OK, Lar, is Calhoun right – do early defections to the pros hurt your APR? I thought it was meant to judge you on progress to a degree.
You can create an argument that they do, particularly the way that Calhoun phrased his response.
What he said was “when you have 16 kids leave [for the pros] in a 10-year period, you are more likely to be more open to [a low APR] happening.” That is technically correct.
Leaving early in and unto itself doesn’t hurt you but it does make you more vulnerable to others screwing up. I’m headed out and will provide the details later (if someone else doesn’t in the meantime).
Here’s the details -
The APR is basically a simple calculation. But, it is a rolling four year average, like the Federal graduation rate, like the Graduation Success Rate, and like UncleLar’s infamous numbers. I suppose that will cause it to be ridiculed by some here, since, for some absurd reason, they don’t seem to accept the concept of rolling averages.
Any athlete that is on an athletic scholarship participates in the calculation. Said athlete earns points in one of two ways - an eligibility point for being eligible at the end of a term/semester and a retention point for returning the following semester. A team’s total points earned are divided by the total points possible (technically it’s also multiplied by 1000 - a 925 APR is actually .925 when you do the math).
If all goes according to plan, every scholarship athlete will earn four points out of four possible points. A point for being being eligible at the end of fall semester, a point for returning for spring semester, a point for being eligible at the end of the spring semester, and a point for returning in the following fall (a player who graduates in a semester automatically earns the two points).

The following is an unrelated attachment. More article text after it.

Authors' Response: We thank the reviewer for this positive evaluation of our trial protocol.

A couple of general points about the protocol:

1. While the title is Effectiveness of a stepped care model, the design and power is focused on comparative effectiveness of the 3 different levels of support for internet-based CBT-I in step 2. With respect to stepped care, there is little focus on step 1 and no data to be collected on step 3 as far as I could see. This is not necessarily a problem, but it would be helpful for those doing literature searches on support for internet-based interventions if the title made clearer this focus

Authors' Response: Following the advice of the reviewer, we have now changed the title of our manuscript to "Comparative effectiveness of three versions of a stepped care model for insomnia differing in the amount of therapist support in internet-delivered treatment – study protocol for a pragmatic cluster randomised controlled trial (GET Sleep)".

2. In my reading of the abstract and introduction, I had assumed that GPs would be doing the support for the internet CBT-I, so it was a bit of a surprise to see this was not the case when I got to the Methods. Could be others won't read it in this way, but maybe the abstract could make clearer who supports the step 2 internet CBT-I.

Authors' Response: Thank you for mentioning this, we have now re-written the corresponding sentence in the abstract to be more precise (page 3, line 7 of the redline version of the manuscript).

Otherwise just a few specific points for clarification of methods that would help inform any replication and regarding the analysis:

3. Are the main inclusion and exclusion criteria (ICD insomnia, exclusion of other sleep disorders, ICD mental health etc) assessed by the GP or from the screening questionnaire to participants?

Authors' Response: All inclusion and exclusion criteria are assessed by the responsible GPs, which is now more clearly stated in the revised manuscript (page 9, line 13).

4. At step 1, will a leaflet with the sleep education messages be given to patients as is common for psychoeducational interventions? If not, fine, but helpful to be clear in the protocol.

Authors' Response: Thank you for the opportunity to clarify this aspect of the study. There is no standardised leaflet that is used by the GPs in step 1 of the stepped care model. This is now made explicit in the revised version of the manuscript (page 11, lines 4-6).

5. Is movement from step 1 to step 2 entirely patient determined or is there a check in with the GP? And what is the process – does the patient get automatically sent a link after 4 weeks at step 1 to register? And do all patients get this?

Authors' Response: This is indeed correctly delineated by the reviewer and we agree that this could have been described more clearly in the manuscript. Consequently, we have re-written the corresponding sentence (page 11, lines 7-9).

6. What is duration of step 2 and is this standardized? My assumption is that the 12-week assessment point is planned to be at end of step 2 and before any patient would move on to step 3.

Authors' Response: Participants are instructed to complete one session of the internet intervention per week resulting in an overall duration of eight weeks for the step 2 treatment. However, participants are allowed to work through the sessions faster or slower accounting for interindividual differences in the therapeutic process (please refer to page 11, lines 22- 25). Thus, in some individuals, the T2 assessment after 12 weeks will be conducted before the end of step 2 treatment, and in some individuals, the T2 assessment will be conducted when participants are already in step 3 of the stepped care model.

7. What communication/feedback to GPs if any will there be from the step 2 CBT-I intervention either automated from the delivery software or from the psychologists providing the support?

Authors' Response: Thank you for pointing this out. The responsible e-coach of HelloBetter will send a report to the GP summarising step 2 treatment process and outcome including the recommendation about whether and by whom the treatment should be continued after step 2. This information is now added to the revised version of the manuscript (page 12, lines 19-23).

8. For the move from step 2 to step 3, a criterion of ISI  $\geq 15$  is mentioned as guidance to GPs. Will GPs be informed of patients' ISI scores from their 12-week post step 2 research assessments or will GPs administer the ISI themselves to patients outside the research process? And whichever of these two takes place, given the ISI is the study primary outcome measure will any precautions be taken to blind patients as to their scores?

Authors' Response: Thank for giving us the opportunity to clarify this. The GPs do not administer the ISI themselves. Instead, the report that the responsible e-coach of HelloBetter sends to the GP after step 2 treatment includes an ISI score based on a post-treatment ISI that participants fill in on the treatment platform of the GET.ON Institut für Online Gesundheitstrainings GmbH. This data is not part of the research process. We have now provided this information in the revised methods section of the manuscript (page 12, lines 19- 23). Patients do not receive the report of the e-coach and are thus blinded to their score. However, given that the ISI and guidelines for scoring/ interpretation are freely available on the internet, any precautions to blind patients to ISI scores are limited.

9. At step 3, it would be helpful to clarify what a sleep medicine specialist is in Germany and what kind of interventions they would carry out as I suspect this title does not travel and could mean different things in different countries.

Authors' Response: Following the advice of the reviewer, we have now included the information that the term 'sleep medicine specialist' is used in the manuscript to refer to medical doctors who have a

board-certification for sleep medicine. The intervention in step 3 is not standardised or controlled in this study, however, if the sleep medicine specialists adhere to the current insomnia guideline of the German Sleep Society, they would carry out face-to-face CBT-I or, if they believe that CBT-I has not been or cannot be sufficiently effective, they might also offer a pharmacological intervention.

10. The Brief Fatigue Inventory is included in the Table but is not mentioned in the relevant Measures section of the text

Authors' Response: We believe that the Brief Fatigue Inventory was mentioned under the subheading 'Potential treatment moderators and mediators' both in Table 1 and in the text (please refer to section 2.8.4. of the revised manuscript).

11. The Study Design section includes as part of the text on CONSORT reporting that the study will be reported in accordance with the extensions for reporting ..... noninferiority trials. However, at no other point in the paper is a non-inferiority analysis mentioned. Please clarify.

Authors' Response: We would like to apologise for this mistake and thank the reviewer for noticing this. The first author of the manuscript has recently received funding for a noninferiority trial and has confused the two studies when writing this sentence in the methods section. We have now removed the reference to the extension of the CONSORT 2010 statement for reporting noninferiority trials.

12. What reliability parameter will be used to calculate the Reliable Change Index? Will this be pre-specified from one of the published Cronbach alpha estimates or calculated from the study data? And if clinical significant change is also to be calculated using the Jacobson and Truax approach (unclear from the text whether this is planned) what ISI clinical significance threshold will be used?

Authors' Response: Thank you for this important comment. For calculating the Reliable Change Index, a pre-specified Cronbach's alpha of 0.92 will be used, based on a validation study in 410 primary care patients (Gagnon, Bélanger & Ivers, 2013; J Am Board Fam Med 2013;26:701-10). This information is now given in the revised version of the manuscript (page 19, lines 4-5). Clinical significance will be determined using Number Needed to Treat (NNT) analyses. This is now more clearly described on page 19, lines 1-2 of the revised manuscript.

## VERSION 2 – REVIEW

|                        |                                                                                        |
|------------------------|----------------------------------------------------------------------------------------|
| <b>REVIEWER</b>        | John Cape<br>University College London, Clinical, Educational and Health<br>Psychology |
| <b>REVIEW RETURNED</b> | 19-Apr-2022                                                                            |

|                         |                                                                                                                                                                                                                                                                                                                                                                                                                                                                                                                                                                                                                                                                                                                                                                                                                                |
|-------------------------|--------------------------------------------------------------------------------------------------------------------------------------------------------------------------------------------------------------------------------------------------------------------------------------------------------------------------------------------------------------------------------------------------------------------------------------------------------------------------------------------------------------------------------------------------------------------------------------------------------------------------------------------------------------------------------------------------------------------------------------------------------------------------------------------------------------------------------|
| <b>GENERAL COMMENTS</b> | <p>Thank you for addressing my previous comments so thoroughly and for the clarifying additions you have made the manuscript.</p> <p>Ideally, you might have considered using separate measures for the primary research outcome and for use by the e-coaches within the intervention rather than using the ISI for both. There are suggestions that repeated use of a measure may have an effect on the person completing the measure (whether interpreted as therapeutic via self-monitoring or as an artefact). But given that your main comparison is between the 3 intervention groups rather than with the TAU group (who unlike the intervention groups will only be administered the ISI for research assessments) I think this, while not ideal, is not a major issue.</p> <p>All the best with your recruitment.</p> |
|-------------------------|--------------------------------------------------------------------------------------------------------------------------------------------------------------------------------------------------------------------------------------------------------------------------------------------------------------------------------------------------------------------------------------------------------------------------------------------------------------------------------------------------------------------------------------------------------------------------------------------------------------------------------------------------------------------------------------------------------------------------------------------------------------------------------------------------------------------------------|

A kid who departs early for the NBA however will not earn four points. They will either earn three points if they passed enough courses to keep their eligibility or two points if they didn’t. Hopefully, most of them at least keep their options open and go to enough classes so that, should they choose to return, that option would be open to them. However, I suspect that many one and done’s don’t even bother to go to class, so they would only earn two out of four possible points.
So, for basketball, if you have 13 guys on scholarship, then you would normally have the potential for earning 52 points in a year. If you lose three guys every year (be it to transfer or an early departure to go to the NBA), as long as they were eligible when they left, your APR would still be 942 (49/52), well above the 925 number where you become eligible for penalties. You have to either average losing four guys every year or have guys become ineligible to fall below the 925 number.
Plus, there’s an out to the penalty phase that says you can’t lose a scholarship unless you have someone who has left school AND was ineligible. So even if you were some superpower school that brought in 13 one and done’s every year, as long as the kids kept going to class and were eligible at the end of the spring, you wouldn’t lose any ships even though your APR would only be 750.
So while Calhoun is technically correct in what he says (although the 16 in 10 is irrelevant - only the last four years count), he still has to have a fair number of kids not go to class and become ineligible to fall below 925 and thus lose scholarships.